Excess reserves present a juicy target for critics who claim the banking industry is depriving the economy of the fuel it needs to grow.

These funds, deposits at the Federal Reserve that exceed required minimums, exploded from less than $2 billion in August 2008 to an unprecedented, staggering $1.2 trillion last week — a total that is only headed higher. According to the Fed's latest data, required reserves were just $71.6 billion; add that to the excess reserves and the total is now nearing $1.3 trillion.

Many people view these figures as proof that banks are hoarding cash rather than lending it.

It happened again last week at a House Financial Services subcommittee hearing on what Congress could do to get credit flowing to small businesses.

David Borris, an entrepreneur who was representing the Main Street Alliance, pointed lawmakers to the reserves banks keep with the Fed beyond the minimum requirements.

"Those excess reserves represent money that could be out circulating in the economy on productive loans, including loans to small businesses," Borris testified. "Instead, those excess reserves are sitting at the Fed and the banks are collecting 0.25% interest for holding more money out of the economy."

But the reality is more complicated, and experts agree that huge amounts of reserves tell you little about lending volumes.

The Fed alone — not actions by banks — dictates how large the reserve number is. And it is the Fed's expansion of its balance sheet, begun in the fall of 2008, that has ballooned reserve levels at banks.

Here is a simple example: When the Fed buys financial assets like government debt or mortgage-backed securities from banks, the act of the Fed paying for the assets actually creates the reserves. Say it agrees to buy $20 billion of such assets from a primary dealer. When the transaction settles, the Fed will make an accounting entry on the books of the primary dealer's bank and voila, bank reserves are created.

And that's why it's easy to predict the aggregate figure will go higher. The Fed is only halfway through its QE II strategy. It still plans to buy another $300 billion of Treasury securities by the end of June, and that will drive existing reserve levels to $1.6 trillion. (To be sure, the aggregate figure could be offset by other Fed moves or driven even higher. It will depend on future Fed decisions.)

So the more the Fed buys, the more reserves it creates. But those reserves do not prevent or encourage an individual bank from making a loan. When we talk about individual banks all we're talking about is the distribution of reserves, not overall levels.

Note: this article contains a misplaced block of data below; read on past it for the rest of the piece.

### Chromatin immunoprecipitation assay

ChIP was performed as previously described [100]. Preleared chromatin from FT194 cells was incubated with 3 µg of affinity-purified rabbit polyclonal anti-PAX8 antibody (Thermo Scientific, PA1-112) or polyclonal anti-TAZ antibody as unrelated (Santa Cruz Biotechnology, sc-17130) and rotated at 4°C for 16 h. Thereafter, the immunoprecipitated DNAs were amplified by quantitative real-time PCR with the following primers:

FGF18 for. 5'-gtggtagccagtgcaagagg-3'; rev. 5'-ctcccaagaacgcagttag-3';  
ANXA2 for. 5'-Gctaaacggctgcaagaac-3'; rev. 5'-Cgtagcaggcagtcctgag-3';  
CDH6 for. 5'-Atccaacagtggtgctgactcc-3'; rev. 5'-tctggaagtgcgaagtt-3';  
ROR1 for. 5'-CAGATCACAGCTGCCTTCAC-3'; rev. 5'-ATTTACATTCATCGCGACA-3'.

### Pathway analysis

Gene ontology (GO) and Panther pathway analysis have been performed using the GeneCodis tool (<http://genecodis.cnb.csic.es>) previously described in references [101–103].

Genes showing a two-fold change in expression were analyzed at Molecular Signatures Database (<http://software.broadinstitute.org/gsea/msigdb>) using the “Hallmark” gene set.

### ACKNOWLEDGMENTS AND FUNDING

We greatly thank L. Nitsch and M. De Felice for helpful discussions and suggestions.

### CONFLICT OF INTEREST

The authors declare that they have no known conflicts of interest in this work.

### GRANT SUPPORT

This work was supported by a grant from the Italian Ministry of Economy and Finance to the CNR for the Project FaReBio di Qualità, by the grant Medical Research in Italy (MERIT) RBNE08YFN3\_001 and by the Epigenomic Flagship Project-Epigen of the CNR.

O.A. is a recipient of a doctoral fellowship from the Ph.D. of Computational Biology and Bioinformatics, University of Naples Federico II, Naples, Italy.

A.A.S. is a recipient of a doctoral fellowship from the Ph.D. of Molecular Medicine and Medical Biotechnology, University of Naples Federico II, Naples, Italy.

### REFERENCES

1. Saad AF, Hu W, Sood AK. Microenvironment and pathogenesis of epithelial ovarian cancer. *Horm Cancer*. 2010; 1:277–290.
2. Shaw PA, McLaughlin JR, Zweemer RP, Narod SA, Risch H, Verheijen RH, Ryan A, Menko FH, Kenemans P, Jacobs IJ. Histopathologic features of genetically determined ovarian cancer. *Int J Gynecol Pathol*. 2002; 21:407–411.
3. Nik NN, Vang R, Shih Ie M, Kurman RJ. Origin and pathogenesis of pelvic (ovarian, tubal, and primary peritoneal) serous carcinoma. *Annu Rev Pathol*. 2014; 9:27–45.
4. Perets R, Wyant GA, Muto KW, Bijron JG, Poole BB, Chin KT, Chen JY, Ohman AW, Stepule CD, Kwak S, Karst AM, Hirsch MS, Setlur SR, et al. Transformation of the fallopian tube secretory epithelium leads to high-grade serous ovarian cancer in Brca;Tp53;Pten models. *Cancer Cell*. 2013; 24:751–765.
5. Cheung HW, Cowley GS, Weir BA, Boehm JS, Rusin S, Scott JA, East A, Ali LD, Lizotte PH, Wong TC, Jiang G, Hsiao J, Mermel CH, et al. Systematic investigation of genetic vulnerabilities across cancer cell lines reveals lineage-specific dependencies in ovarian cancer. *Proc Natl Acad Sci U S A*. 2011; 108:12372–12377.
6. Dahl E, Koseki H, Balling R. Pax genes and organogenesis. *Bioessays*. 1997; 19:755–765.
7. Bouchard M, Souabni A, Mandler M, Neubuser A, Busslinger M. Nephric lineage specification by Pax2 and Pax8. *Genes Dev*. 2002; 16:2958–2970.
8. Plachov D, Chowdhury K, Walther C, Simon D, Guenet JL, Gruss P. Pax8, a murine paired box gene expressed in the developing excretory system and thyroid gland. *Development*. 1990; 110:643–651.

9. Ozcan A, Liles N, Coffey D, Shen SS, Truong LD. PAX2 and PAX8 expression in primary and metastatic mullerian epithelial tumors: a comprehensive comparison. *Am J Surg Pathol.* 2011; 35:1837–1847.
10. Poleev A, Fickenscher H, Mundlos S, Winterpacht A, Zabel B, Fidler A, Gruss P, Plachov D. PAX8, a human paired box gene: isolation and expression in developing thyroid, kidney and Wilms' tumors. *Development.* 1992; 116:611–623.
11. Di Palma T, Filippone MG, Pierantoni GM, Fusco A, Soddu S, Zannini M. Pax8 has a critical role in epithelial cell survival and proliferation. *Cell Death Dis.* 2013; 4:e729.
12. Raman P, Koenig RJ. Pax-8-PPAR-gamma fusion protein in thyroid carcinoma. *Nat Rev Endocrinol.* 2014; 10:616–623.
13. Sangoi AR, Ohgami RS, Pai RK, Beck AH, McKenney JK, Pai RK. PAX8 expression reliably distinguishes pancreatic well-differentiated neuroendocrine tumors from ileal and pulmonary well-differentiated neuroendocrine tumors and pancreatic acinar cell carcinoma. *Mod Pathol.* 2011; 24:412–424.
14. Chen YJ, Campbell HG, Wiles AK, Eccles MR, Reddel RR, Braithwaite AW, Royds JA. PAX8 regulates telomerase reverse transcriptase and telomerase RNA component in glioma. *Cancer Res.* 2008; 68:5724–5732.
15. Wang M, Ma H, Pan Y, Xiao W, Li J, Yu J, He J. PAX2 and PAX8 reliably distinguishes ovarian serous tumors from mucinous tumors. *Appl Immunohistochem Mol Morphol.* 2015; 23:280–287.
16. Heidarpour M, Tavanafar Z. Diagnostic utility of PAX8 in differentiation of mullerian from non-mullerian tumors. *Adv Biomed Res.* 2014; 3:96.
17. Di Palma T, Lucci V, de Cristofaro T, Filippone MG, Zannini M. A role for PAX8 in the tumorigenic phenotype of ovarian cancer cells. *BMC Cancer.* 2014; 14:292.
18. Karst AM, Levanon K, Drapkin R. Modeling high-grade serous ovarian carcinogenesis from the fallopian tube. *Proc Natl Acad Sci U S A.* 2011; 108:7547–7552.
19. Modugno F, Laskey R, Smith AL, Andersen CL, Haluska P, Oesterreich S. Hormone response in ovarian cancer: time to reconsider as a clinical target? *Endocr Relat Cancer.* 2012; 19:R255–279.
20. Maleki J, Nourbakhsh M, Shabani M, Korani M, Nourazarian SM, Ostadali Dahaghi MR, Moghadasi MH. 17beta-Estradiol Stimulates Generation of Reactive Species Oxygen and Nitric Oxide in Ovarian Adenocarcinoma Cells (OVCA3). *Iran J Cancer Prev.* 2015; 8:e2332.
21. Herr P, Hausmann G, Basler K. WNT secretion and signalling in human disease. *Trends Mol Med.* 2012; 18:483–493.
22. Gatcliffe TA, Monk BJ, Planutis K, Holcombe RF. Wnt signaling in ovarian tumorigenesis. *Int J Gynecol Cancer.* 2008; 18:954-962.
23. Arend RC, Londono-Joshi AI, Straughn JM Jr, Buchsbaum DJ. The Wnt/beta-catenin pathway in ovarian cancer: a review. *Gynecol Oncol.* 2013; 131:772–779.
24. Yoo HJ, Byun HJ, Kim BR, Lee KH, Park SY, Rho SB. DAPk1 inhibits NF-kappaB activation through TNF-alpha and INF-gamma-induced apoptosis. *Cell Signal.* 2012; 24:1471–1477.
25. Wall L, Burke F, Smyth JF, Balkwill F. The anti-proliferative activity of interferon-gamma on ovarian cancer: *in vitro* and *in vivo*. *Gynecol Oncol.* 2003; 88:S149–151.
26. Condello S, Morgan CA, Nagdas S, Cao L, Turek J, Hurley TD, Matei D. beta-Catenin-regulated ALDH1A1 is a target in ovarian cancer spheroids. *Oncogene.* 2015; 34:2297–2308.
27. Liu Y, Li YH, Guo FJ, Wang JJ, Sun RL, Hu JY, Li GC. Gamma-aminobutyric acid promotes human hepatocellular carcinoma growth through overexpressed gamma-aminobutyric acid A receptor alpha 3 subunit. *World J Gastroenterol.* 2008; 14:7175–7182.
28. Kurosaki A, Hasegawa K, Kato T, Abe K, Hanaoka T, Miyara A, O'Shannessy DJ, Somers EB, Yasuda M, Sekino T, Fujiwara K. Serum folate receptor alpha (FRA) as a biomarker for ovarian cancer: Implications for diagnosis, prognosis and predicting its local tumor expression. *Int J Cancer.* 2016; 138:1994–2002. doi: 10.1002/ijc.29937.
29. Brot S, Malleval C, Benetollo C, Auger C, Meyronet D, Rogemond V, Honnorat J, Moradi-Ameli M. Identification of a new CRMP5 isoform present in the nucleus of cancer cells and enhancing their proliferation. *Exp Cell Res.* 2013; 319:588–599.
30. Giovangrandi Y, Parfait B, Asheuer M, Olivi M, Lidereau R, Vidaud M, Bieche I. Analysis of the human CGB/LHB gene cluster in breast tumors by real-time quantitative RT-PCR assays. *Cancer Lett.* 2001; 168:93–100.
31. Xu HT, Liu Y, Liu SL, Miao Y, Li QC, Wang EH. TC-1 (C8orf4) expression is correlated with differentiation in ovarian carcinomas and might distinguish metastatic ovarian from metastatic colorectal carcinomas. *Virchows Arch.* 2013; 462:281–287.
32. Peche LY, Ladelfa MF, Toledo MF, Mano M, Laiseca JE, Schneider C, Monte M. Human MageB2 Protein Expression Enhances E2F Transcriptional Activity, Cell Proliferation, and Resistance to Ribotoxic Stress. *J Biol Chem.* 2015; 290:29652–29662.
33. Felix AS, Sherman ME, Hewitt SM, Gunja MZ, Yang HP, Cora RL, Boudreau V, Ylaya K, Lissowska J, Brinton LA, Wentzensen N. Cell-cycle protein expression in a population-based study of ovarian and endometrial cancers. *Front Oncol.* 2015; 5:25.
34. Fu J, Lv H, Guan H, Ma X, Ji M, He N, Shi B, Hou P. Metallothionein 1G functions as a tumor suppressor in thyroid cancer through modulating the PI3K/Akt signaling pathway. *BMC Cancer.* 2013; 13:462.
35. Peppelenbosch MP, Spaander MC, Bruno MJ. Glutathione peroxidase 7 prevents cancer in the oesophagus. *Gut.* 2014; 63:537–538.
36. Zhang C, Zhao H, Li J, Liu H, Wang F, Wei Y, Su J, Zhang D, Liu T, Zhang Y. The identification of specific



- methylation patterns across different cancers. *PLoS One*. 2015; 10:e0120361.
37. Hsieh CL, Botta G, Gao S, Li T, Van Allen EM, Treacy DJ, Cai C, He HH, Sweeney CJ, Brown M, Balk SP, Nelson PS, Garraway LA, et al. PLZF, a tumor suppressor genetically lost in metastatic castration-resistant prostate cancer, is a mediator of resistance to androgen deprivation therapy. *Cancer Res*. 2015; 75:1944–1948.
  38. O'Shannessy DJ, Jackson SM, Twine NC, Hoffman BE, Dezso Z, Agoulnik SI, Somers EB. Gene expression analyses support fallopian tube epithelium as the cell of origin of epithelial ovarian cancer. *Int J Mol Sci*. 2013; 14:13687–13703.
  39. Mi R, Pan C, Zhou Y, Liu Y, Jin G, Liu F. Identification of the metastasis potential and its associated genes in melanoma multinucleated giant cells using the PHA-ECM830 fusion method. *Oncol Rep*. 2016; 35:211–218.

"All the banks could be making loans like they have never done before and there is still going to be $1.3 trillion" [in reserves], a person familiar with the matter told me. "Or every single bank could decide, 'I am not lending anything' and just sit on their funds, and you are still going to have $1.3 trillion."

New York Fed President William Dudley tackled the topic recently.

"In terms of imagery, this concern seems compelling — the banks sitting on piles of money that could be used to extend credit on a moment's notice," Dudley said in a Feb. 28 speech to NYU's Stern School of Business.

"However, this reasoning ignores a very important point. Banks have always had the ability to expand credit whenever they like. They didn't need a pile of 'dry tinder' in the form of excess reserves to do so."

He added: "In terms of the ability to expand credit rapidly, it makes no difference whether the banks have lots of excess reserves on their own balance sheet."

One reason this topic is so misunderstood is it's still relatively new.

The Fed has long required banks to hold reserves against their deposits but only won the right to pay interest on those reserves in 2006. The Financial Services Regulatory Relief Act said the Fed could start paying interest on bank reserves, including excess reserves, in October 2011. But the law that authorized the Troubled Asset Relief Program in 2008 accelerated the effective date to October of that year.

The financial crisis had hit, and the Fed needed new tools to control the cost and supply of money. Paying interest on reserves was an effective way to get banks to hold on their balance sheets many of the assets that the Fed was creating through its new credit facilities, like its Large-Scale Asset Purchase program.

Initially the Fed paid banks 75 basis points on reserves, but that rate has been scaled back to 25 basis points.

While making a loan could provide a higher return to banks, three other factors are depressing lending. One is the lack of demand from creditworthy borrowers. Higher capital rules are another. And finally many banks are just too busy sorting through the pile of defaulted loans sitting in their existing portfolios.

So while it may be true that some banks are stockpiling cash, high reserve levels are more a consequence of the reluctance to lend than the cause. And aggregate reserve levels will fall only when the Fed decides to change its monetary policy course and tighten up.